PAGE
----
The government can be counted on to allow the insolvency to grow to an un- fixable crisis, as long as Democrats have any power. Their solution will be to steal more of your money and freedom. "Never let a good crisis go to waste" Right? Take SS as early as you can, while it's still there. As long as you live to 80 or so you've collected the same amount regardless of when you started receiving benefits.
Retired Investor profile picture
@fully awake I believe payments are designed to all even out around 78. My view is Congress will eventually fix SS, the question then is how and it’s effect on different people.
Thank you. I’ve read many articles (and comments) on this subject, but none spelled out in this detail. I’m slightly past FRA now and leaning toward waiting to age 70 – but that’s not yet written in stone. My wife began collecting at her FRA and, when I start to collect, her check will go up but the difference is not as great as in your case.

Why am I waiting? You named a couple reasons but missed one big one. That is, SS is an insurance policy and, if congress does their job, a ‘sure thing’. Based on historical returns, investing all of my SS check would give me a better return than the increase in SS. But what if the economy tanks? What are the odds of my having serious regrets later?

All the calculators I’ve seen ultimately calculate how much you end up with, that is, the same goal is to die with the most money. That is certainly a nice-to-have, but IMHO the real goal should be to have the best odds of not running out. (In both casas I assume you’ll have sufficient for a comfortable and enjoyable retirement.)
Retired Investor profile picture
@glinsight Agree that SS is not getting cut due to lack of funds. I could see moving to CPI that generates smaller increases or higher earners get less COLA.
@glinsight You haven't accounted for a non-financial events! Did you miss what's be going on the past 20+ months??
@bionic1 I'm not sure what you mean. Please explain. I guess the event is the pandemic, but how should I have accounted for it?
KingofKings profile picture
One question. My wife is 2 years older than me and is 63 now. If she collects SS now, will it affect my larger SS payments, if I wait until FRA?
Retired Investor profile picture
@KingofKings If you are going to take a spousal benefit, her starting early doesn’t effect your benefit regardless of when you start. It does reduce what she would get as a spouse though.
KingofKings profile picture
@Retired Investor Thank you. I am still working and advising her to hold off until FRA.
Retired Investor profile picture
@KingofKings I should have mentioned this: If anyone hasn't setup their online SS account: don't wait. Besides seeing what your benefit could be now, at FRA and 70, it prevents someone else from setting one up and collecting under your SSN.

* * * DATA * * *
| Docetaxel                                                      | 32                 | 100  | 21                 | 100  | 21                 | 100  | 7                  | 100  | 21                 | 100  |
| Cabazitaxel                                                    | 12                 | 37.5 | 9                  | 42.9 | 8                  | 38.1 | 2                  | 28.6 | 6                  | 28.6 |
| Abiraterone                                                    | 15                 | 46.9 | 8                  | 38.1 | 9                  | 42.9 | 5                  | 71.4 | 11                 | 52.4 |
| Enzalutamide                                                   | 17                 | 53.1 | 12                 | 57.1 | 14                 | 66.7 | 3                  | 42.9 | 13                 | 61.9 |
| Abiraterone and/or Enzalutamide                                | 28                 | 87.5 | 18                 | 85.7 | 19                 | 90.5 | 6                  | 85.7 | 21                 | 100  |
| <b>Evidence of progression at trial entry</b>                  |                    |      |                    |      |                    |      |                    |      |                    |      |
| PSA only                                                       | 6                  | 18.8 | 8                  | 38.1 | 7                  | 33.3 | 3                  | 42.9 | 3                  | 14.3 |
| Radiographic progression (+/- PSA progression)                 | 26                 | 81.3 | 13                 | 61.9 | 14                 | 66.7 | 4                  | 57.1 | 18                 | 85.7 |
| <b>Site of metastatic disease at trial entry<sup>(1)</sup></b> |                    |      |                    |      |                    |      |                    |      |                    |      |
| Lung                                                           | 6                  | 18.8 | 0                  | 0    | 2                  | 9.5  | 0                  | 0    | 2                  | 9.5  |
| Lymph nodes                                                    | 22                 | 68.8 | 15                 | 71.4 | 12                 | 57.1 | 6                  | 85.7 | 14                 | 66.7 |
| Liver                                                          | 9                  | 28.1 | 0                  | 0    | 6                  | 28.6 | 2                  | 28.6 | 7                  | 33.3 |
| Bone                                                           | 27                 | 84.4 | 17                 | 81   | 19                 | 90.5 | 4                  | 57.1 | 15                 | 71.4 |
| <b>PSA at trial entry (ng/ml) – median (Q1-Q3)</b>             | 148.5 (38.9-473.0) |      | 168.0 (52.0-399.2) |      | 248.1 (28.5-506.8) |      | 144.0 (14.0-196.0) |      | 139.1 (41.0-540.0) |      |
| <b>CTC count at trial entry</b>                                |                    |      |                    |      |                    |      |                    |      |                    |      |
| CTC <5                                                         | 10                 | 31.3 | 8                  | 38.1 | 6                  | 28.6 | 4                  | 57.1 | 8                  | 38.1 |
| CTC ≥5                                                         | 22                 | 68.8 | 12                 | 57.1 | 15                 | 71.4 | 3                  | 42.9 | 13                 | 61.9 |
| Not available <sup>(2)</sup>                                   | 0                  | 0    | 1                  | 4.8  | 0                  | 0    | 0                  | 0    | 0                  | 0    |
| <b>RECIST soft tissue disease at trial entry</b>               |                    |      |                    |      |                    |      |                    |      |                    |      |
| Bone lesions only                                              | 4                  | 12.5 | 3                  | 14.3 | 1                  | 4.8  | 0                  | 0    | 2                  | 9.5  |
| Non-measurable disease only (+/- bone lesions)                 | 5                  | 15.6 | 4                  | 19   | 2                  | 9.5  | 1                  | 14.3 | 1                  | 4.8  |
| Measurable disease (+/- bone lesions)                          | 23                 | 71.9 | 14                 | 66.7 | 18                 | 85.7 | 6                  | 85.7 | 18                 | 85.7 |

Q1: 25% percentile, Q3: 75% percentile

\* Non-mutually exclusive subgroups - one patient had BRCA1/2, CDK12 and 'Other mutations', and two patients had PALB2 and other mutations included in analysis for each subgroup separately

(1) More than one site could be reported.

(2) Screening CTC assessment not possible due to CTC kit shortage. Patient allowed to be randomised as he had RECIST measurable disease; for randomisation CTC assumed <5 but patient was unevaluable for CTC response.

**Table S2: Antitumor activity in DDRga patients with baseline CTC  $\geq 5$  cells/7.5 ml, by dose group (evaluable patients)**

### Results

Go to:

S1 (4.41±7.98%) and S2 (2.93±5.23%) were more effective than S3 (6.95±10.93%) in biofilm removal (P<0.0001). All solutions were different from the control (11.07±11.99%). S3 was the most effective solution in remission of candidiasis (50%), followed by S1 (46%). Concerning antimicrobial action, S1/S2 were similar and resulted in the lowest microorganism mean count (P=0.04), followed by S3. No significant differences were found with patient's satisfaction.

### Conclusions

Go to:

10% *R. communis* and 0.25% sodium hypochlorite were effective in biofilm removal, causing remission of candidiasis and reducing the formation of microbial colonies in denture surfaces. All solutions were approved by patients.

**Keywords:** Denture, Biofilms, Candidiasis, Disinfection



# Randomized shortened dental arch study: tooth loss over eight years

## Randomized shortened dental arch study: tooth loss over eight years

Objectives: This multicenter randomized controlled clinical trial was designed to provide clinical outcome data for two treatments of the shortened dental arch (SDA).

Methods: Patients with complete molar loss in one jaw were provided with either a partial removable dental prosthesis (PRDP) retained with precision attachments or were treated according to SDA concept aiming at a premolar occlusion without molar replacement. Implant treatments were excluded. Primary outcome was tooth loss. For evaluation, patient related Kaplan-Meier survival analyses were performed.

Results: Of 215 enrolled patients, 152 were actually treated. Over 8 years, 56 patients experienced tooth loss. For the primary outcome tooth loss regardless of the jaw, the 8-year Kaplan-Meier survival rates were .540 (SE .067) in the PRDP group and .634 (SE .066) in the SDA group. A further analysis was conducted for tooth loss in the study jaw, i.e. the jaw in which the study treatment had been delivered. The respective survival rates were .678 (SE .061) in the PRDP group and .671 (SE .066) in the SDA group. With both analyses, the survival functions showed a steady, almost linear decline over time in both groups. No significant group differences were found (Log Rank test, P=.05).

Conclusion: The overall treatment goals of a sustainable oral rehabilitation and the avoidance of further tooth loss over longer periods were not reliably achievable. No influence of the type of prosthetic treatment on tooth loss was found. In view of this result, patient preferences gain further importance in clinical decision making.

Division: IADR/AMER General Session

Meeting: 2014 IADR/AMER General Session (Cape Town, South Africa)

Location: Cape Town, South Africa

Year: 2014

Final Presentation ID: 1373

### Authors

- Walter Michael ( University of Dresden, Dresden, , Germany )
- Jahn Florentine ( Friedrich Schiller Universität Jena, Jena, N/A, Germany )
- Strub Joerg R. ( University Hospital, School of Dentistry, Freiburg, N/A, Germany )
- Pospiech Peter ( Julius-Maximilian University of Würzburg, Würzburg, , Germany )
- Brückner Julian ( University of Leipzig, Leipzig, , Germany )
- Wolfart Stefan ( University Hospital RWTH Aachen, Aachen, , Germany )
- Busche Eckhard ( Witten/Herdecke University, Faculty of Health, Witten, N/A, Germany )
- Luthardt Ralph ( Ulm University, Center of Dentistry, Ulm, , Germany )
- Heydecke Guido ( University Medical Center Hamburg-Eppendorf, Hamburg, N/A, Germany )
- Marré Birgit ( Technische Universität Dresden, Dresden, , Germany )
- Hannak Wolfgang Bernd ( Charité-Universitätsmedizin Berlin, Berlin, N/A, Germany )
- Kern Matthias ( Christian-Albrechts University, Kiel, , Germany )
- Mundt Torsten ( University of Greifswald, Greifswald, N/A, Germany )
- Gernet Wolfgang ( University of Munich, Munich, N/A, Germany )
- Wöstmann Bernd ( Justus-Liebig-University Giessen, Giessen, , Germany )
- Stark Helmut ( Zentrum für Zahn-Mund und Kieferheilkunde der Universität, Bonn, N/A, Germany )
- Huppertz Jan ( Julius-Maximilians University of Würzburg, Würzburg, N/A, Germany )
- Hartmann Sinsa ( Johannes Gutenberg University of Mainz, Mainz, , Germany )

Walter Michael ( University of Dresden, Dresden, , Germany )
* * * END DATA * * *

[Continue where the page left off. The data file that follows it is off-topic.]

Very nice write up! As an Advisor, generally, generally speaking, I recommend taking SS when one stops working. Pretty annoying when one realizes they are paying taxes on the taxes they are expecting to be "paid" back to them. The general rule that would trump taking SS while still working, poor health.

Thanks, Bill
@billbam You can thank Joe Biden for paying “taxes on the taxes they are expecting to be paid back to them”. Senator Biden was the deciding vote to allow your social security benefit to be subject to federal income tax. It took a number of Senators votes of course but old Joe provided the decider.
Retired Investor profile picture
@billbam Thanks for reading. Health and Wealth will definitely effect when it’s “best” to start.
hawkeyec profile picture
@Retired Investor

My wife and I took our SS at 62 when we retired. Did so for several practical reasons. First, we each had a 403(b) with TIAA and when we retired (the driving choice here) we were required to take our retirement benefits in the form of annuities. Including early SS we covered our entire comfortable budget, leaving all our investment income as gravy which we were free to use any way we wanted. Even though I earned the max for 35 years and paid in self-employment tax on my gig work, our SS checks were less than they might have been. Mine would amount to around 25k per year except that because of our investment income, we both were required to hand back a total of $920/ month (total for two) to pay for Medicare premiums (over 10k/year). So my net as a widower now is $1600/mo and my wife's check has disappeared. Still, assuming I could have invested my net checks @5% for the last 15 years my early SS payments would have been worth $430,000 today, plus my wife's check the total would have been worth $700k. Besides, I reckon that if SS does curtail benefits there will a strong possibility current beneficiaries will be protected. I didn't want to risk that prospect by waiting and wasting $700k of investment capital to pay for the income I was going to receive.